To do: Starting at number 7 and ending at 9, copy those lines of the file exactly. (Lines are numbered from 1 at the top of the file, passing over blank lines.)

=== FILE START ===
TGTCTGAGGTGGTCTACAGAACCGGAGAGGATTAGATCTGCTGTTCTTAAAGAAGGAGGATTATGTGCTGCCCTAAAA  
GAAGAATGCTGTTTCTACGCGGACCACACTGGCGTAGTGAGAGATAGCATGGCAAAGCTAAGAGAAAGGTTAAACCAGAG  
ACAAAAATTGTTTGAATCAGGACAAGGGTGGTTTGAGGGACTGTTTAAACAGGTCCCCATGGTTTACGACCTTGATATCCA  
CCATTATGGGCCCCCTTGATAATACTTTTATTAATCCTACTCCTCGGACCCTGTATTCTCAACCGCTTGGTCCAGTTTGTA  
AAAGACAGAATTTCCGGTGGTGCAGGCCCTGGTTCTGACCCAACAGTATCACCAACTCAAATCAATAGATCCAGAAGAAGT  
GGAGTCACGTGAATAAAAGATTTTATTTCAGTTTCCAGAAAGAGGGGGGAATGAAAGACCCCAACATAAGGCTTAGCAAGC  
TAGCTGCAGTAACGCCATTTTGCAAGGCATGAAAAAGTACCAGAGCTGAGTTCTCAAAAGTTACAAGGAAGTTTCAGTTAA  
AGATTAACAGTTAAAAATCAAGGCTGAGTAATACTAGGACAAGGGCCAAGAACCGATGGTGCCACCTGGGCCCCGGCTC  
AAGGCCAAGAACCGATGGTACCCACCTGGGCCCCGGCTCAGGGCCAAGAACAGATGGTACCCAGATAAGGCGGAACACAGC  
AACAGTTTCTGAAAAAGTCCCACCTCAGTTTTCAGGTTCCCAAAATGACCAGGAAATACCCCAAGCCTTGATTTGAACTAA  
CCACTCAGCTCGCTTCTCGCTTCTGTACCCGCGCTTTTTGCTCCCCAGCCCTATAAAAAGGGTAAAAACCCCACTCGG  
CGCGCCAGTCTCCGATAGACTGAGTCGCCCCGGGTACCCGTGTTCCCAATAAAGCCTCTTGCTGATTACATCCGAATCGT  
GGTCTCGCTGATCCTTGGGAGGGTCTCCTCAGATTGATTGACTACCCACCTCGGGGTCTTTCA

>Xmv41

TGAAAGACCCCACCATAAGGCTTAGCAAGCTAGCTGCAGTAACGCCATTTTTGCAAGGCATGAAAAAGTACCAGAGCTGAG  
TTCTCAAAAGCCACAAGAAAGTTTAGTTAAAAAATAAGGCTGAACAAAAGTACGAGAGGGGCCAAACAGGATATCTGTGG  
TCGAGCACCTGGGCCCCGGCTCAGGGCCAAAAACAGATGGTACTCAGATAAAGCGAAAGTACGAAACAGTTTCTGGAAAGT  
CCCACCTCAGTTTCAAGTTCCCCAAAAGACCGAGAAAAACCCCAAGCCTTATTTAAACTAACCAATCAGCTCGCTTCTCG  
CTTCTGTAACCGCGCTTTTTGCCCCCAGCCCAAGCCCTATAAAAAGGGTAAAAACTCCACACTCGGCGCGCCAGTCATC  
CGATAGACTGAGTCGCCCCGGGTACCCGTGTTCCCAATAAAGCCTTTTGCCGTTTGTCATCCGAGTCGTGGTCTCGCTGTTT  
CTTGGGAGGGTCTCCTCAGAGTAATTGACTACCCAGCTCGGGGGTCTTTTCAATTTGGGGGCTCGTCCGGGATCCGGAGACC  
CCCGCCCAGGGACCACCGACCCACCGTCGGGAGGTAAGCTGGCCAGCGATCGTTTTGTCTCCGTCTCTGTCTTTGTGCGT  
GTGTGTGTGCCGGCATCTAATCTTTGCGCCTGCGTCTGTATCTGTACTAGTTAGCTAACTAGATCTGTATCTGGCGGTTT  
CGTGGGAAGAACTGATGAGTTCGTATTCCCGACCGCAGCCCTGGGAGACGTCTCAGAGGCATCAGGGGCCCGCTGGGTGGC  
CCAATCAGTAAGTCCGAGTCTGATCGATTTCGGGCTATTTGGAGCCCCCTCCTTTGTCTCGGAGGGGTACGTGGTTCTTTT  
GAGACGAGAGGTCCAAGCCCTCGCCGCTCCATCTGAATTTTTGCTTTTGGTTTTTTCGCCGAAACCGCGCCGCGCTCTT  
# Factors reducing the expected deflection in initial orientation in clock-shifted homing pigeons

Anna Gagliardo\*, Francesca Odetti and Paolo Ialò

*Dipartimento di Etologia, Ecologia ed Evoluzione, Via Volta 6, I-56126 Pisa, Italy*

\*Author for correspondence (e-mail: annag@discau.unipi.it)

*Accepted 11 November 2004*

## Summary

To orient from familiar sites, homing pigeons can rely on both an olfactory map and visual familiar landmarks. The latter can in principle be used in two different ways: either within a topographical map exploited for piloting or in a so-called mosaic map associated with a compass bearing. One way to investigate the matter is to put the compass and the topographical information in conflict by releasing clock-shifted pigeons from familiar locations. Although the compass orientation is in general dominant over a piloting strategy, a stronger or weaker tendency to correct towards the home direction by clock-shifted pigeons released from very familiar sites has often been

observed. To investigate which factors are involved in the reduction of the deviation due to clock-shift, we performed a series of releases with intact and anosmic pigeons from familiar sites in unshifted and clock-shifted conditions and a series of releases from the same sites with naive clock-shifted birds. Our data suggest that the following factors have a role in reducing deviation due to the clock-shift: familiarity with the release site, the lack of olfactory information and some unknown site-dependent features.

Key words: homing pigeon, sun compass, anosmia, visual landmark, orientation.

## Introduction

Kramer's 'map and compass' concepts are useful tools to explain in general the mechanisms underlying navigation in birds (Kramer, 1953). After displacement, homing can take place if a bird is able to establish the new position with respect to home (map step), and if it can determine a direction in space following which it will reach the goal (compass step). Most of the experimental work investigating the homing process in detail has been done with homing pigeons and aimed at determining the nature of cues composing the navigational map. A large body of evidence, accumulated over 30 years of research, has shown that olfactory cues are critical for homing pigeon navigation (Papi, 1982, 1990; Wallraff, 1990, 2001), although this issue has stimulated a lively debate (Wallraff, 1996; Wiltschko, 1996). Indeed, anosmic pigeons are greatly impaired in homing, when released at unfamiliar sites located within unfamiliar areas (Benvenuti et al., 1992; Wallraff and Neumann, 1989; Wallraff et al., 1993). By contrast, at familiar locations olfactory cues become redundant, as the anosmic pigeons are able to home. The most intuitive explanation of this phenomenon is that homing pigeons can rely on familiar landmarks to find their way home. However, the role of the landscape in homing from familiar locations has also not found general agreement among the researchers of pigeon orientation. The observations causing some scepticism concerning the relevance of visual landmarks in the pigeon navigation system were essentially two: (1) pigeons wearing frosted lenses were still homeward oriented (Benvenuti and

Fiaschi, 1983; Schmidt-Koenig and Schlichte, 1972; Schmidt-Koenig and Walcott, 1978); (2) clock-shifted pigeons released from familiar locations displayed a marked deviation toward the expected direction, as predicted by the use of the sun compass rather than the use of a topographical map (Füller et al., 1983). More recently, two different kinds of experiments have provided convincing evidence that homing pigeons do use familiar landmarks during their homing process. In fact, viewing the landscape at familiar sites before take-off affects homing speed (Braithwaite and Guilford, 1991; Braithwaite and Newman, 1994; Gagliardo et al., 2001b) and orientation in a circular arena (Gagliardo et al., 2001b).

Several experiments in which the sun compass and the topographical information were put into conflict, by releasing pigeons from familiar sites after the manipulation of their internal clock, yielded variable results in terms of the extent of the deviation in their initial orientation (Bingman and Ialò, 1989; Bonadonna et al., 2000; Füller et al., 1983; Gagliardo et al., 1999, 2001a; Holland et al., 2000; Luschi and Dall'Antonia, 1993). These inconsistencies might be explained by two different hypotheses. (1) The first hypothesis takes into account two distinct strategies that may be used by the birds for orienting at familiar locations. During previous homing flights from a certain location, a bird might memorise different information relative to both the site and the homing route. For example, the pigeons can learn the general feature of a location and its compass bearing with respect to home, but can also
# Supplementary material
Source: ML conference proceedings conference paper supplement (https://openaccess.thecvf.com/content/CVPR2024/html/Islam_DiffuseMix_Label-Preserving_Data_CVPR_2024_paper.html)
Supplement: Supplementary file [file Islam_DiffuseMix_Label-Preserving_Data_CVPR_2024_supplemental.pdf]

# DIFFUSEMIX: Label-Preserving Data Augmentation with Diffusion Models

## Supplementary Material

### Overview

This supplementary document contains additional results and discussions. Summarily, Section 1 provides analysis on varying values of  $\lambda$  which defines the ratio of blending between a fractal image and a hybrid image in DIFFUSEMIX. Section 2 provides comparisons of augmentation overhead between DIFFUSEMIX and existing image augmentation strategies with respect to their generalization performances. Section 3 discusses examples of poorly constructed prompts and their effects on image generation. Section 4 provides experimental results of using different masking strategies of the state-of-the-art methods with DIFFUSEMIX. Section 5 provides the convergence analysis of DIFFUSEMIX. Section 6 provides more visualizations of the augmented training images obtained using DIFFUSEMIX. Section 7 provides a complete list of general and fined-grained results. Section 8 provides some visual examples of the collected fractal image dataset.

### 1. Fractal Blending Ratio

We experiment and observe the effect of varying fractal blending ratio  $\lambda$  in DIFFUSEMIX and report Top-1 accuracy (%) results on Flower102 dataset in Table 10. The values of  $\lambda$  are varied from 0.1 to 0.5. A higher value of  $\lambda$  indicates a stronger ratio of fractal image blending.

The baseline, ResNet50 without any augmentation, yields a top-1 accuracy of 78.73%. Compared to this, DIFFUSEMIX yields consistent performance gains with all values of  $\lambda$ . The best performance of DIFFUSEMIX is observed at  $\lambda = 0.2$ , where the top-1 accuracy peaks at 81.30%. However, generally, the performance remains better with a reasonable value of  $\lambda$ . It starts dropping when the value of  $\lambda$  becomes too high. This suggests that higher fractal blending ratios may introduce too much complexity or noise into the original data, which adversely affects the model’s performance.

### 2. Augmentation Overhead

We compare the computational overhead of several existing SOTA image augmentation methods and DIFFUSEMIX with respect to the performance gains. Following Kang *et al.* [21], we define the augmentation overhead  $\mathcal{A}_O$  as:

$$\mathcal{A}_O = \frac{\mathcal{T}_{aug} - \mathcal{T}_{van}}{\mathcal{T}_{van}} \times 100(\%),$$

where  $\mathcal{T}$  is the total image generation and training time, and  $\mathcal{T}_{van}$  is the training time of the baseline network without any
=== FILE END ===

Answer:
TAGCTGCAGTAACGCCATTTTGCAAGGCATGAAAAAGTACCAGAGCTGAGTTCTCAAAAGTTACAAGGAAGTTTCAGTTAA  
AGATTAACAGTTAAAAATCAAGGCTGAGTAATACTAGGACAAGGGCCAAGAACCGATGGTGCCACCTGGGCCCCGGCTC  
AAGGCCAAGAACCGATGGTACCCACCTGGGCCCCGGCTCAGGGCCAAGAACAGATGGTACCCAGATAAGGCGGAACACAGC  